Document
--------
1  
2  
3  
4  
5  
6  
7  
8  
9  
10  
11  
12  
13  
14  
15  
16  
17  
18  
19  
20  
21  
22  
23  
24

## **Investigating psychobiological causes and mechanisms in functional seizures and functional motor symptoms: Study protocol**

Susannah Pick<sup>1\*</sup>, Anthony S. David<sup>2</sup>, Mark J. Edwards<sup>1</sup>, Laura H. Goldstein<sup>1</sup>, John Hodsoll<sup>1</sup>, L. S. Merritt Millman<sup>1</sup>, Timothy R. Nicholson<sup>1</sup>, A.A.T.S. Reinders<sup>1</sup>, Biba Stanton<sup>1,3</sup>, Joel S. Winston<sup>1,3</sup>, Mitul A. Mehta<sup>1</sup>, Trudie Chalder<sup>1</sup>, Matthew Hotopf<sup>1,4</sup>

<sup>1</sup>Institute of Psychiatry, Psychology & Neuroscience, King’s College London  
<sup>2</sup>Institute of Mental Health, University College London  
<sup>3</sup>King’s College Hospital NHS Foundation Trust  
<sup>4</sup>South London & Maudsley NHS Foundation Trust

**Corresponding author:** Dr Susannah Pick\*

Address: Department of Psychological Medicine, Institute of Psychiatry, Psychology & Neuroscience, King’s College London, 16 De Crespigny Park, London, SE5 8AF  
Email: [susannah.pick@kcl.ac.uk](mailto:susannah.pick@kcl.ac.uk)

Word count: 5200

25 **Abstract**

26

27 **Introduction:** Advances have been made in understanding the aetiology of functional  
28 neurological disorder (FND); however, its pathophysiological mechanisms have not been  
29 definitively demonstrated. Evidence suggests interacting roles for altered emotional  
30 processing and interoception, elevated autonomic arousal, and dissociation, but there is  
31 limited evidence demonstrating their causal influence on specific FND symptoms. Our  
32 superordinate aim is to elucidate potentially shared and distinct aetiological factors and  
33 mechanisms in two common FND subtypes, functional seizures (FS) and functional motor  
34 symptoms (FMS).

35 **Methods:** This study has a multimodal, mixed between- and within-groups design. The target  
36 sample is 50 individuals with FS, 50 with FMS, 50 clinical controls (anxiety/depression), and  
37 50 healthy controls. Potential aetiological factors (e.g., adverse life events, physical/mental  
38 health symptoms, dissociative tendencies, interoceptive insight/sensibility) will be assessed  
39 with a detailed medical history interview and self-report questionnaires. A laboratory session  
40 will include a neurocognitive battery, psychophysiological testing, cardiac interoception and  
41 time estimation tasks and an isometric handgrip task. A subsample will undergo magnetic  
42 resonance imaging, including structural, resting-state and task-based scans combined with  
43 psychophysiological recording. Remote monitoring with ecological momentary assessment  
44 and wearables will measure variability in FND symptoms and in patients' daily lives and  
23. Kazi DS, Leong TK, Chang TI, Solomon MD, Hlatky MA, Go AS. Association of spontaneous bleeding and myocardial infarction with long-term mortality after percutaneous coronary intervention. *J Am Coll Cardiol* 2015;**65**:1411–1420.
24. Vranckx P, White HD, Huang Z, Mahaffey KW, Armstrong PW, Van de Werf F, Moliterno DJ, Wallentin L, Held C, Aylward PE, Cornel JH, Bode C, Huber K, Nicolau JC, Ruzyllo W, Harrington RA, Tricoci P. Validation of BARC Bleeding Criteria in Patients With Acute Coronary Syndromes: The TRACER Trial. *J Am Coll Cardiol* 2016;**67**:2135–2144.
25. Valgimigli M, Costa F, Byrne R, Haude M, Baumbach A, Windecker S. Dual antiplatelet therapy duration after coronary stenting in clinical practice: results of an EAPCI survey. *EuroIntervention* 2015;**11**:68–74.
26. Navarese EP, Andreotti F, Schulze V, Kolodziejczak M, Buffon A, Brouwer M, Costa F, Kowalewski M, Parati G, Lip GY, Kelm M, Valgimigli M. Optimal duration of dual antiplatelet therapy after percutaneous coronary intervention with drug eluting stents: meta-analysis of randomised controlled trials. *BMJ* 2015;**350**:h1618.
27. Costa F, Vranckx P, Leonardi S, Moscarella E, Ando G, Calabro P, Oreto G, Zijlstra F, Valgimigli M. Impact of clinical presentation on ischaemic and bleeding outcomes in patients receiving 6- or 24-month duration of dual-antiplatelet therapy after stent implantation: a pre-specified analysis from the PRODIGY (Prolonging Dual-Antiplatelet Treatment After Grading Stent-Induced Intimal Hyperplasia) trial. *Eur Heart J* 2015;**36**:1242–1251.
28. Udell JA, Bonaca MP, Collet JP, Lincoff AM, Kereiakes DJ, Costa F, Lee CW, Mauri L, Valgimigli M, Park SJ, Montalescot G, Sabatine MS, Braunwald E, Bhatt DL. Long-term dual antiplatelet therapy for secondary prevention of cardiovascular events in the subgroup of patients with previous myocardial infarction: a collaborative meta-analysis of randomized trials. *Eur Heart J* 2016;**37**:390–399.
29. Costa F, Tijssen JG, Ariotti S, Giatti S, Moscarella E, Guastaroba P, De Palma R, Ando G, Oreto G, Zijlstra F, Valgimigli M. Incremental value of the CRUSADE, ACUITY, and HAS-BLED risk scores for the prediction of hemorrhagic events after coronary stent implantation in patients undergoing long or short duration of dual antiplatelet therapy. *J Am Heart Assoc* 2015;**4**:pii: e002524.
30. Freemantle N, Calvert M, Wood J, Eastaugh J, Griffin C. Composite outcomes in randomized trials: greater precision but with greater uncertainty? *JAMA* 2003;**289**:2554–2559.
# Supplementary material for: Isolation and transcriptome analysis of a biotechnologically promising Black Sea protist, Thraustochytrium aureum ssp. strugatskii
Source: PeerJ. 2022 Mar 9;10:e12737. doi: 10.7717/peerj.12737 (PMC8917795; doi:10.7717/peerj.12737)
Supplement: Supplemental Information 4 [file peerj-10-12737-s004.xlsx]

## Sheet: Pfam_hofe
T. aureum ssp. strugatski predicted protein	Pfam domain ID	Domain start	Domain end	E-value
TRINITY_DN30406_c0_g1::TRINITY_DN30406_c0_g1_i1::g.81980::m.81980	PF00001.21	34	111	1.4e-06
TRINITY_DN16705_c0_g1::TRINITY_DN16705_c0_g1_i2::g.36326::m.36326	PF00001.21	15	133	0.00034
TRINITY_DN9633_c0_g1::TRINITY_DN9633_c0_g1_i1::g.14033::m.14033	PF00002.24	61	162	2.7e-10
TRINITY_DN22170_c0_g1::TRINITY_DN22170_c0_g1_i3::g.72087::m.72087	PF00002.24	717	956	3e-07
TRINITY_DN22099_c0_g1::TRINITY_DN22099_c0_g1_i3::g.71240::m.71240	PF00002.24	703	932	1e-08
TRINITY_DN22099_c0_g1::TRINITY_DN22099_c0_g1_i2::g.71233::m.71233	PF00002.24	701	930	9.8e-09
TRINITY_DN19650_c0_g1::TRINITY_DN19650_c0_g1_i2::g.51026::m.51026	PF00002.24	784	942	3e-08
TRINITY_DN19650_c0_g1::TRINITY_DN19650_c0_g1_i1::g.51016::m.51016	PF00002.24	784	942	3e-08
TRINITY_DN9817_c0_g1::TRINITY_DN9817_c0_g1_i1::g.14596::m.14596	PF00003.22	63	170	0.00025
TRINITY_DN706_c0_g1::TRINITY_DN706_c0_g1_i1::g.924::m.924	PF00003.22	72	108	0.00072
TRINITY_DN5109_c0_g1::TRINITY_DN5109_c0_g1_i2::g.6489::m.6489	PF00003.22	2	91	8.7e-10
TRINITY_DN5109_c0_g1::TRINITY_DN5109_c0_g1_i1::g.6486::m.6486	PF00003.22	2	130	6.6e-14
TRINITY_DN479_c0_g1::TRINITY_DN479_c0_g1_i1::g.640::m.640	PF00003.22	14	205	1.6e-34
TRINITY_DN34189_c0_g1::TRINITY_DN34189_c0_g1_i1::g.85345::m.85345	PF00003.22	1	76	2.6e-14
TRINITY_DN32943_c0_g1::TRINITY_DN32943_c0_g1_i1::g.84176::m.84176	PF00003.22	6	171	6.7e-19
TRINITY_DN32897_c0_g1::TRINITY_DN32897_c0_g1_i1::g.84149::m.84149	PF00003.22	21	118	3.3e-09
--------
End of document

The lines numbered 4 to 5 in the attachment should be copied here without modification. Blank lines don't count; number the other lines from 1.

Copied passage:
4  
5  